New 4,000-bed coronavirus field hospital opens in London

Britain on Friday opened a new 4,000-bed temporary hospital to treat the most seriously ill coronavirus patients, as day-on-day deaths surged to a new record and royal officials said Queen Elizabeth II would make a rare crisis address to the nation.

Heir to the throne Prince Charles opened the state-run National Health Service (NHS) Nightingale Hospital, which has been built at London's ExCeL conference venue in just nine days.

The 71-year-old prince officially launched the facility via videolink from Scotland, where he has been in self-isolation after testing positive for COVID-19.

Prime Minister Boris Johnson, 55, who has also tested positive, said he would remain at home in quarantine because he still had a temperature.

Charles and Johnson are among 38,168 confirmed coronavirus cases across Britain. Numbers increased by 4,450 in the 24 hours to 0800 GMT on Friday, according to the health ministry.

There was also a third consecutive day of record deaths from confirmed hospital cases—684—taking the overall toll to 3,605 as of 1600 GMT on Thursday.

Two NHS nurses and two healthcare assistants were among the fatalities in the last 24 hours, Health Secretary Matt Hancock, who has also tested positive for COVID-19, told a daily briefing.

Chief Nursing Officer for England Ruth May added: "I worry that there's going to be more. I want to honour them today and recognise their service."

The announcement of the new figures coincided with news the queen would make a rare special broadcast to Britain and the Commonwealth at 1900 GMT on Sunday.

The queen, 93, has made only three other special addresses in her 68-year reign: after her mother's death in 2002; before Diana, Princess of Wales' funeral in 1997; and during the first Gulf War in 1991.

She has been with her 98-year-old husband Prince Philip at Windsor, west of London, since March 19 as a precaution but palace officials have said the couple were in "good health".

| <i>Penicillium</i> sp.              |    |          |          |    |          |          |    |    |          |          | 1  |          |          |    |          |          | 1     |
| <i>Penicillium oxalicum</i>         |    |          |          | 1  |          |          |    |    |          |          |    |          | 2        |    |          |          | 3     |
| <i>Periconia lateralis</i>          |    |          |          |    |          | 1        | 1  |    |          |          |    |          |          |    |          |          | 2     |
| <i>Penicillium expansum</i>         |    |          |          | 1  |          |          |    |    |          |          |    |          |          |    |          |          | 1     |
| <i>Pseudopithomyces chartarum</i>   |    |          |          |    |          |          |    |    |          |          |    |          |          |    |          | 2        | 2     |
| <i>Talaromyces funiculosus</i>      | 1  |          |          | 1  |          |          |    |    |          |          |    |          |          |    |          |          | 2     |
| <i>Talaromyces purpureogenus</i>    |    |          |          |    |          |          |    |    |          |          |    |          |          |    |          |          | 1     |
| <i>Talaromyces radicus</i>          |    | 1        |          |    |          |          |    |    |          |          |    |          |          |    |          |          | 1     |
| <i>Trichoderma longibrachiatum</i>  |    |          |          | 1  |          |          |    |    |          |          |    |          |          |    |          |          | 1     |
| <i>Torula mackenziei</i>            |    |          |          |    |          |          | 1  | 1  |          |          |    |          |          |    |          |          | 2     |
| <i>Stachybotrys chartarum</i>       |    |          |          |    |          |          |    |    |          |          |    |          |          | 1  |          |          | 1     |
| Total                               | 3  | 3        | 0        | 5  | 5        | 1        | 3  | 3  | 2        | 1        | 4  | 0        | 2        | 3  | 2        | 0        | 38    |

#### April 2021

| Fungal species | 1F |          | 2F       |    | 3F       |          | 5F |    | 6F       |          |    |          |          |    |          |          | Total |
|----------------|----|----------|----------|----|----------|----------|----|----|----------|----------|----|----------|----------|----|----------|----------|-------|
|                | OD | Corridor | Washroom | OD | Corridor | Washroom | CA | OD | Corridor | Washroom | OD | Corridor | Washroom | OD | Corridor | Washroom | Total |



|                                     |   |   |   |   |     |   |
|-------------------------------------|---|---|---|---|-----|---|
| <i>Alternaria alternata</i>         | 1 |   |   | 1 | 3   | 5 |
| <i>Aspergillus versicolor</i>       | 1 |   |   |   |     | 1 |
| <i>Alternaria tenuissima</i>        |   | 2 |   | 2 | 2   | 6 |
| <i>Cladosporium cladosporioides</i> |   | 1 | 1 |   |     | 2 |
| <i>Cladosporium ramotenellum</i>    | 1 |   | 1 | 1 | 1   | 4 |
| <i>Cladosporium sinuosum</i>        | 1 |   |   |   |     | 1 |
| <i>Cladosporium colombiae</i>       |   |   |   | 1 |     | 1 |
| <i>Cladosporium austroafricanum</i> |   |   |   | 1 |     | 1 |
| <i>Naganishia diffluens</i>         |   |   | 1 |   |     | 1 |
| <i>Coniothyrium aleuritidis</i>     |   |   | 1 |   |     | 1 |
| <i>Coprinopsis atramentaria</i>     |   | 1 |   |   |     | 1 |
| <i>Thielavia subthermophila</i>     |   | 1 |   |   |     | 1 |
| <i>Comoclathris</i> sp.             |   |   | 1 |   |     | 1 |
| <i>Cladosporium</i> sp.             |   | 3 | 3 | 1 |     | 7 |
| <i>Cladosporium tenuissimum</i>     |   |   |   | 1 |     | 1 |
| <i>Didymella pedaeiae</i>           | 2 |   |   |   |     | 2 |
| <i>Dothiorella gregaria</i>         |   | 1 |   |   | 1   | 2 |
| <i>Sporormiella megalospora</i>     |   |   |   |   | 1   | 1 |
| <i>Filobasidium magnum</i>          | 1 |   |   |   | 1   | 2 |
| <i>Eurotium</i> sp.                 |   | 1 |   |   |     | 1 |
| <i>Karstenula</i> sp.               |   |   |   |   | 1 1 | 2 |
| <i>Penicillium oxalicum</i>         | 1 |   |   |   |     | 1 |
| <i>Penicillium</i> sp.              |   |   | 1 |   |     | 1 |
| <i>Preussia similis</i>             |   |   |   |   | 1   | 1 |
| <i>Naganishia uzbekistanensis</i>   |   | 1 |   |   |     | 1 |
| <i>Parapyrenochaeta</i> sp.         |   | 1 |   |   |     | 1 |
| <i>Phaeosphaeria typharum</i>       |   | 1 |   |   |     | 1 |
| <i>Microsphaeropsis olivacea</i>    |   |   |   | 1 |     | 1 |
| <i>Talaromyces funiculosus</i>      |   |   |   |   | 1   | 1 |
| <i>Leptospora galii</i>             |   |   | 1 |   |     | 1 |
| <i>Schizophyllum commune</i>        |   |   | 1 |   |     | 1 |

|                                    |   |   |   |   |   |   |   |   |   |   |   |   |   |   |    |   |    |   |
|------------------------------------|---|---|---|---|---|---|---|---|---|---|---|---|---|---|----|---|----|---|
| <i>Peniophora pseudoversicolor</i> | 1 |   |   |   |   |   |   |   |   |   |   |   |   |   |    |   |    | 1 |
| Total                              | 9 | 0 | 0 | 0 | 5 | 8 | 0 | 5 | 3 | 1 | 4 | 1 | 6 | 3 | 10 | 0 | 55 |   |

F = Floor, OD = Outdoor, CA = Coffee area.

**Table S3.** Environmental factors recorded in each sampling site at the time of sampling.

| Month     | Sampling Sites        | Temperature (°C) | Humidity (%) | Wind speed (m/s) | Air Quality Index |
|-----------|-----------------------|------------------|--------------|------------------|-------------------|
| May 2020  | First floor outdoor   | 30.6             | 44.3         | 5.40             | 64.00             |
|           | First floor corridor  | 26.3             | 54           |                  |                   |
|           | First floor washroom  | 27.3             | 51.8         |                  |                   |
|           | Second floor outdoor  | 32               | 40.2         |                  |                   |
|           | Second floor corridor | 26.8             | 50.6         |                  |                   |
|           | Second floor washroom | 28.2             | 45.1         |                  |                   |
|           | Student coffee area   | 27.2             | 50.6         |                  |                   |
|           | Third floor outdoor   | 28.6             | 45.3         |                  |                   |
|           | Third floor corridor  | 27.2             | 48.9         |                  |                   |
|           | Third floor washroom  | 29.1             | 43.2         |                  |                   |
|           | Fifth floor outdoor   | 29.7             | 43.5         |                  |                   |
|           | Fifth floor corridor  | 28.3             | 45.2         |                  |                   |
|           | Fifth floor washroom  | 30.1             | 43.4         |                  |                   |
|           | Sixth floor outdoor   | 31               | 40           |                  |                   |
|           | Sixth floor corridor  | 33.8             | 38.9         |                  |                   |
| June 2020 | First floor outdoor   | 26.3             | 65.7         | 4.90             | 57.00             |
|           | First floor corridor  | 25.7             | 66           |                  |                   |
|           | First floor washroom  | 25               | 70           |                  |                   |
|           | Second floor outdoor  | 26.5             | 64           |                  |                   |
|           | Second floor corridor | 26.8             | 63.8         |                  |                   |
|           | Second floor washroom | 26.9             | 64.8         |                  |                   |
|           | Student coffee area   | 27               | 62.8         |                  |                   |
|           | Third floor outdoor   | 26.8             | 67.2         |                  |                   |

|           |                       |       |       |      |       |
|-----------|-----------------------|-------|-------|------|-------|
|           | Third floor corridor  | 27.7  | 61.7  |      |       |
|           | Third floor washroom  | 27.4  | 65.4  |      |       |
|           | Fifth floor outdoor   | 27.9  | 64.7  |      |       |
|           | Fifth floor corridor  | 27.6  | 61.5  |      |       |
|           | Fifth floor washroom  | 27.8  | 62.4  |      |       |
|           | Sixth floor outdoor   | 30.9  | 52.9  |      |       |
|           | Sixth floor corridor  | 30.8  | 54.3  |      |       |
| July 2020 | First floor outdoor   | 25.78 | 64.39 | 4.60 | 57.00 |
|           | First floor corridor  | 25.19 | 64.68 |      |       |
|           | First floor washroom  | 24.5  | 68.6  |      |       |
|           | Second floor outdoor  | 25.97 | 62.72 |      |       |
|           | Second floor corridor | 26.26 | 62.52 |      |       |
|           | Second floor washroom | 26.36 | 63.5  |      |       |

Shining light

The NHS Nightingale Hospital is named after the trailblazing 19th-century nurse Florence Nightingale, who is seen as one of the founders of modern nursing.

Charles paid tribute to everyone involved its construction, calling it "quite frankly incredible" to have transformed the giant exhibition centre into a critical care facility so quickly.

"I was one of the lucky ones to have COVID-19 relatively mildly," he said. "But for some, it will be a much harder journey.

"I am therefore so relieved that everyone can now have the reassurance that they will receive all the necessary technical care they may need, and every chance to return to a normal life.

"In this dark time, this place will place will be a shining light," he said, but added that he hoped it would not required for long.

The hospital will initially take 500 people in the coming days, said Health Secretary Matt Hancock, who has also tested positive for COVID-19.

It will take intensive care patients with COVID-19 from other London hospitals, which have seen the highest numbers of cases across Britain.

Government ministers and scientists have refused to comment on reports that Britain could hit a peak of cases by April 12.

But they said there were more than 2,000 critical care beds free, even before the opening of new field hospitals.

'Invisible killer'

The NHS Nightingale Hospital London—one of six being set up around the country—is the size of 10 district general hospitals, and has more than 80 wards, each containing 42 beds.

When fully operational it will require more than 16,000 staff to run it.

Britons have been told to stay at home wherever possible and non-essential shops and services have been shut since March 23, as part a nationwide lockdown designed to stem the spread of coronavirus.

Health officials say will take weeks to have an effect but the government said it was dependent on people maintaining social distancing.

Hancock said it was not a guideline but an "instruction".

© 2020 AFP

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